Stabbed Worker Not Entitled to Compensation

30 June 2017

The New South Wales Workers Compensation Commission (“WCC“) has rejected a claim by the director of Mohammed Javed Pty Ltd, that he was stabbed by his son during the course of his employment, and would therefore be entitled to worker’s compensation payments, medical expenses and lump sum compensation.

In November 2015, the worker went home after a delivery to check his home facsimile machine for orders to deliver white goods for Harvey Norman. When the worker arrived at home, he and his wife became embroiled in a dispute with his son, who has a history of violent and unpredictable behaviour, about the home electricity account, which escalated and became violent, resulting in the worker being stabbed in the stomach and back.

The worker claimed that by returning home to check his facsimile machine, the dispute and stabbing at his home was an injury that had occurred during the course of his employment.

In rejecting its liability to pay out the compensation, the worker’s insurer argued that his injury was solely attributable to misconduct pursuant to S14 of the Workers Compensation Act 1987 (NSW).

The worker appealed, and told the WCC Arbitrator that he would not have been exposed to his son’s particularly volatile manner at the time of the incident if he hadn’t been required to return home for work purposes.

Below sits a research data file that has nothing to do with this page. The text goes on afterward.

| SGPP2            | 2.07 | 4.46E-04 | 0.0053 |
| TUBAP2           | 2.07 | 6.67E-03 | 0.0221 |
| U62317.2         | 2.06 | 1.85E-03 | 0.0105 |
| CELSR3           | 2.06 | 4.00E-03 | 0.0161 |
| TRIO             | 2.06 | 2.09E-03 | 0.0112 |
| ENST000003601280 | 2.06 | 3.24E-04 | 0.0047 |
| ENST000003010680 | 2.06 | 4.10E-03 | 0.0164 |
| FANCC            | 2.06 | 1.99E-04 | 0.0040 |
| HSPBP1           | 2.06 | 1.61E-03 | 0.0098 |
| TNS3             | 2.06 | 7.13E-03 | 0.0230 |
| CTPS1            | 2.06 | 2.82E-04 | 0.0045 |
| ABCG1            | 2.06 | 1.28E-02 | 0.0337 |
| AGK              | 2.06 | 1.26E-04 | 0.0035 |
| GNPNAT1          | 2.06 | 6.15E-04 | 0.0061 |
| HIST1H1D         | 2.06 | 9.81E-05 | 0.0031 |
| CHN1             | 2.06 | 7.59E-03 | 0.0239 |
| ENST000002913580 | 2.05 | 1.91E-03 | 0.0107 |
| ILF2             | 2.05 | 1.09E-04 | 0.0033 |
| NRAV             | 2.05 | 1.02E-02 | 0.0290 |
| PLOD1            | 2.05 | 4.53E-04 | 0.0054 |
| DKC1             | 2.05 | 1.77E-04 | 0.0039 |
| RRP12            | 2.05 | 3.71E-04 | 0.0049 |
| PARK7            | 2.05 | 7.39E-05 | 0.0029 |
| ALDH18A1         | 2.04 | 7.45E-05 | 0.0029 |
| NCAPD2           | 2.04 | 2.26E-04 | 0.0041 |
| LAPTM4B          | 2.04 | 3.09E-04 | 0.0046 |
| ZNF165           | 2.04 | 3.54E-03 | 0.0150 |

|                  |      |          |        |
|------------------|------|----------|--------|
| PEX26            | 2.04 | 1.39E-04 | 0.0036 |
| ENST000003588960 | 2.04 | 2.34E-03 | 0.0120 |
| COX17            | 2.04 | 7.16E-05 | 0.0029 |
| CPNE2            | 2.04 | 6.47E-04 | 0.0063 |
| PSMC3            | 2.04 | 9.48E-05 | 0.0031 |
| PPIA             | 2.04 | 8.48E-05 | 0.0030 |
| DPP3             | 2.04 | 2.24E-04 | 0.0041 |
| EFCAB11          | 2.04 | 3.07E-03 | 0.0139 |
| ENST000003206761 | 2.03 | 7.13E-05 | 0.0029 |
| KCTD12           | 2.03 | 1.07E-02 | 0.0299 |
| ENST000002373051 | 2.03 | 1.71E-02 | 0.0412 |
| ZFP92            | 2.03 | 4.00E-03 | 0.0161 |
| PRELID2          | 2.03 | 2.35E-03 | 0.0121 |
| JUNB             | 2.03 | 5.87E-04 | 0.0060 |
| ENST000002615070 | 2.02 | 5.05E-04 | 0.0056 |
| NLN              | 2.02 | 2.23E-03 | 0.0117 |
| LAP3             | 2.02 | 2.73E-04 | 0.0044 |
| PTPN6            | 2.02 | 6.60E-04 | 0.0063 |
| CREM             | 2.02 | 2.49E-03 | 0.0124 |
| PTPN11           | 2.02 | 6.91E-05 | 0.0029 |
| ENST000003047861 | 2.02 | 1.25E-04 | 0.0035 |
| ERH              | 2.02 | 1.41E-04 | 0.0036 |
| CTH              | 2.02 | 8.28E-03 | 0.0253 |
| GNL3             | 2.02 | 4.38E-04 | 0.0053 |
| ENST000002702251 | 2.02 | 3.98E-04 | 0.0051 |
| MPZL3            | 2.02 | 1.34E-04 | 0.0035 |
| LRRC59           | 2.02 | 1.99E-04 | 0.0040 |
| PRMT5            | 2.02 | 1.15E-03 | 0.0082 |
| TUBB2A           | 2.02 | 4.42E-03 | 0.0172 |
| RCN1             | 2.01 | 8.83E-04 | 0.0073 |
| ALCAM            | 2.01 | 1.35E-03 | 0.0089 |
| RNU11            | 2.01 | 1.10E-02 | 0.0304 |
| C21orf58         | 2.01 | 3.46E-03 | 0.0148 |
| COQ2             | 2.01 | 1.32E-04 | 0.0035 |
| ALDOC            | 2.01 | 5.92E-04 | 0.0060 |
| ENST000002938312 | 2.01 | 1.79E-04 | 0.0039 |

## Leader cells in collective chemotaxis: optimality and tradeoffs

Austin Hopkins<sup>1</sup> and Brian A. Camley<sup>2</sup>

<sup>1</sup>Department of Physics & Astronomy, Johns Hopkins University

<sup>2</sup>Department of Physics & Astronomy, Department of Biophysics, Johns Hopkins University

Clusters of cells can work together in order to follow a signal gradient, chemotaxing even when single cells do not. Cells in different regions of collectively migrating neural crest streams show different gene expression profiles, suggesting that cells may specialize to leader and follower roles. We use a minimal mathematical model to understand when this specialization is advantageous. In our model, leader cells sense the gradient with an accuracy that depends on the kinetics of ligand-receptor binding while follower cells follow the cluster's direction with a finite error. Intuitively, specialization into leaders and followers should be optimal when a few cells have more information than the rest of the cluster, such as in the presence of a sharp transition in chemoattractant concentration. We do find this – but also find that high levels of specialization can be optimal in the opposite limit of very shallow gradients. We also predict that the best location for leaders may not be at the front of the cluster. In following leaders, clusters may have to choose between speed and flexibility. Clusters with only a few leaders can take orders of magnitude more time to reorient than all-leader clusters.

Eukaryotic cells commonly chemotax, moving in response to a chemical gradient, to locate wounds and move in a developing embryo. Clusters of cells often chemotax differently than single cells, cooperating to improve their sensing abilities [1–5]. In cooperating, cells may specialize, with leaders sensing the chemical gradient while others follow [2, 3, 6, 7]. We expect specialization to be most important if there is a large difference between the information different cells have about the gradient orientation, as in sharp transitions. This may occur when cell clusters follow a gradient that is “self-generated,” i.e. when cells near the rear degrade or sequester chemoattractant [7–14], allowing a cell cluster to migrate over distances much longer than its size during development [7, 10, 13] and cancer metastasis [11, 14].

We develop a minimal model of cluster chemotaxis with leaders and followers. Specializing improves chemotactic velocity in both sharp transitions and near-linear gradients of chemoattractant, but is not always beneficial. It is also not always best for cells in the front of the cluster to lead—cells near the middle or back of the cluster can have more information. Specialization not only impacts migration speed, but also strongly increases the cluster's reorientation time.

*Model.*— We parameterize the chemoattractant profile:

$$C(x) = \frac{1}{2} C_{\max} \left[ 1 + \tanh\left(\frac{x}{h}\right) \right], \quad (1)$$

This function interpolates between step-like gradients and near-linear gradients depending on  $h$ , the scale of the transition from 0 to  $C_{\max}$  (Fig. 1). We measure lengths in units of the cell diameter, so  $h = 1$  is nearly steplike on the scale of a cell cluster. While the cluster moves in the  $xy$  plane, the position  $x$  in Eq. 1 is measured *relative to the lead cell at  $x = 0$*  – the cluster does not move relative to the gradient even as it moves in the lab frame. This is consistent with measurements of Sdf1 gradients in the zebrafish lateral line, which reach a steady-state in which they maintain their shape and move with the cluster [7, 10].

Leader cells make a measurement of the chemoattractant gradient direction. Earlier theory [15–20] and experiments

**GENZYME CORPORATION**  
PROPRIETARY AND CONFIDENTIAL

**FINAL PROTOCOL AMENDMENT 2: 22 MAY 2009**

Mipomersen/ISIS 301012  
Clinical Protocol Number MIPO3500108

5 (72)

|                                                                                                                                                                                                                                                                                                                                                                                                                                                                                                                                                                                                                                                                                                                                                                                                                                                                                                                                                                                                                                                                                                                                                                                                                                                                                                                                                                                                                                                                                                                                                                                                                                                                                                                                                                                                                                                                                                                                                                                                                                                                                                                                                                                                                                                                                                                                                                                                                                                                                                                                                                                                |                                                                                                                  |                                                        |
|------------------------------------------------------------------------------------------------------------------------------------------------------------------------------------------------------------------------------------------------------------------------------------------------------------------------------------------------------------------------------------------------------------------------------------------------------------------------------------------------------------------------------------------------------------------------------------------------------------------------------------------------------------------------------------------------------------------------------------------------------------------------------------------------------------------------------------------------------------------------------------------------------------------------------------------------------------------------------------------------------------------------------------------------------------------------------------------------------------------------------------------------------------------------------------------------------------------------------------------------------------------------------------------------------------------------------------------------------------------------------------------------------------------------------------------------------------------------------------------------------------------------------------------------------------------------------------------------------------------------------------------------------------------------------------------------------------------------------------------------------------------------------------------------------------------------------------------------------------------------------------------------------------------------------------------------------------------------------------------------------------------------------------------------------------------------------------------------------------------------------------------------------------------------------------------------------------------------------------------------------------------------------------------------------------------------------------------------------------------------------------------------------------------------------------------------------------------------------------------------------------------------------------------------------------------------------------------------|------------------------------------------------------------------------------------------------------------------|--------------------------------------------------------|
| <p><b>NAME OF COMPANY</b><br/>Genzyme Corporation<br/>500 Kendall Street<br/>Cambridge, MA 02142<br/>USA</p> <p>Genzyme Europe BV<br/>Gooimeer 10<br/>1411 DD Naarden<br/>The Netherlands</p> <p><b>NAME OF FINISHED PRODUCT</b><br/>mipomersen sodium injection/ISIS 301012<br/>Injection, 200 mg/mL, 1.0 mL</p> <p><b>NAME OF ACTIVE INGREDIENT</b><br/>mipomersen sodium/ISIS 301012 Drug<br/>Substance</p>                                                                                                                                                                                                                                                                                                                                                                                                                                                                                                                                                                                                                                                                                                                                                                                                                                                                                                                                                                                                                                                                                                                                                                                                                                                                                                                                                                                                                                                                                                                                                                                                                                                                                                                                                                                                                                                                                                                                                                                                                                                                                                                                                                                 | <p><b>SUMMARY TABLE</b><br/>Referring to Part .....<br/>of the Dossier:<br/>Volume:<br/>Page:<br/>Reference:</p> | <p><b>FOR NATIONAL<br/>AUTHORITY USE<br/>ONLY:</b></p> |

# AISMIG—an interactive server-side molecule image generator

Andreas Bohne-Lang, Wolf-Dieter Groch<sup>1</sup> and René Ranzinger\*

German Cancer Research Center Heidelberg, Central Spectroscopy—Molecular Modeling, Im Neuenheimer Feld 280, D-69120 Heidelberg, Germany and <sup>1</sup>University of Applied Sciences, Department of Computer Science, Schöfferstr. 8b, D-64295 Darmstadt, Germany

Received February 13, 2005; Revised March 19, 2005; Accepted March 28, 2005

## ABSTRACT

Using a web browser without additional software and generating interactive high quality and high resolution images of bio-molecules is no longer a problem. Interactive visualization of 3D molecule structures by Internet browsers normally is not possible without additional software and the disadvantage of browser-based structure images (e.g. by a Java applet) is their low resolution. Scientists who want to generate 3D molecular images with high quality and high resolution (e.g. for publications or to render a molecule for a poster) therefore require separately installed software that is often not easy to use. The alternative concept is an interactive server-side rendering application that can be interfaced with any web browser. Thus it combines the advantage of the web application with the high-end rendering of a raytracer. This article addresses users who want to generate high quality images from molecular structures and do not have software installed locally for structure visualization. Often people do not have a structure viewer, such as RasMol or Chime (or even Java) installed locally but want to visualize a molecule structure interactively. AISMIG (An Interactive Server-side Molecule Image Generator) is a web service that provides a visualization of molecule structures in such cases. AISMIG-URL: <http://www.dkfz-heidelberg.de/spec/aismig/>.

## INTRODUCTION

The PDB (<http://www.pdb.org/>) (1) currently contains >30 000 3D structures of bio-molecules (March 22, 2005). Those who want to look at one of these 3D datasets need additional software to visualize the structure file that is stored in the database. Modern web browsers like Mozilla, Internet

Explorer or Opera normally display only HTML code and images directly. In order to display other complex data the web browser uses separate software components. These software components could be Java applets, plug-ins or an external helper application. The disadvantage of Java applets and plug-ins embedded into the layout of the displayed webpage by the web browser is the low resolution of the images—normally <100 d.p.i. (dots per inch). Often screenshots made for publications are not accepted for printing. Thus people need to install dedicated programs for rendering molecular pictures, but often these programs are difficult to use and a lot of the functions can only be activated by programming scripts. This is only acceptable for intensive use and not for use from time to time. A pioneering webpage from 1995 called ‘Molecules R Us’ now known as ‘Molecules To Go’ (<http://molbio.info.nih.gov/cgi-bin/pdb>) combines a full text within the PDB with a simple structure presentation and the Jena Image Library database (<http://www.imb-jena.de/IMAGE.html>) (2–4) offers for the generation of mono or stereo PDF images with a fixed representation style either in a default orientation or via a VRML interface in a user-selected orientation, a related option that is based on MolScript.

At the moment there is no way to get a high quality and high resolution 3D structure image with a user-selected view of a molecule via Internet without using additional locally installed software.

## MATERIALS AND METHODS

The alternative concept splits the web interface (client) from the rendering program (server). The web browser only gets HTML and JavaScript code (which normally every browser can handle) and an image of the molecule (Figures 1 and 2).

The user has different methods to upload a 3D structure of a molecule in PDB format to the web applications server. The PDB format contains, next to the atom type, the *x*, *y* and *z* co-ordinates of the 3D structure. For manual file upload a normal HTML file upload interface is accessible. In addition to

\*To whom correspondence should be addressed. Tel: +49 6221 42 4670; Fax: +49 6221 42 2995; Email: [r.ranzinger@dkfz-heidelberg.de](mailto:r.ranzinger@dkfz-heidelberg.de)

The insurer argued that the worker removed himself from the course of his employment when he started discussing the electricity bill in the kitchen, and that there was no evidence on where the facsimile machine or home office was.

The WCC ultimately sided with the insurer, agreeing that the worker’s decision to enter his house with a box-cutter in his hand to confront his son, immediately following a ‘fiery’ dispute, was clearly out of the course of his employment.

Accordingly, the WCC upheld the insurer’s decision to deny liability to pay-out any insurance claims.

Although unsurprising, the decision by the WCC provides some insight into the manner in which decision-making bodies will adjudicate questions regarding the scope of the ‘course of employment’. Where an injury arises that would not have occurred, if not for the worker’s actions, particularly where those actions go well beyond the scope of their normal work activities, that injury may not be compensable.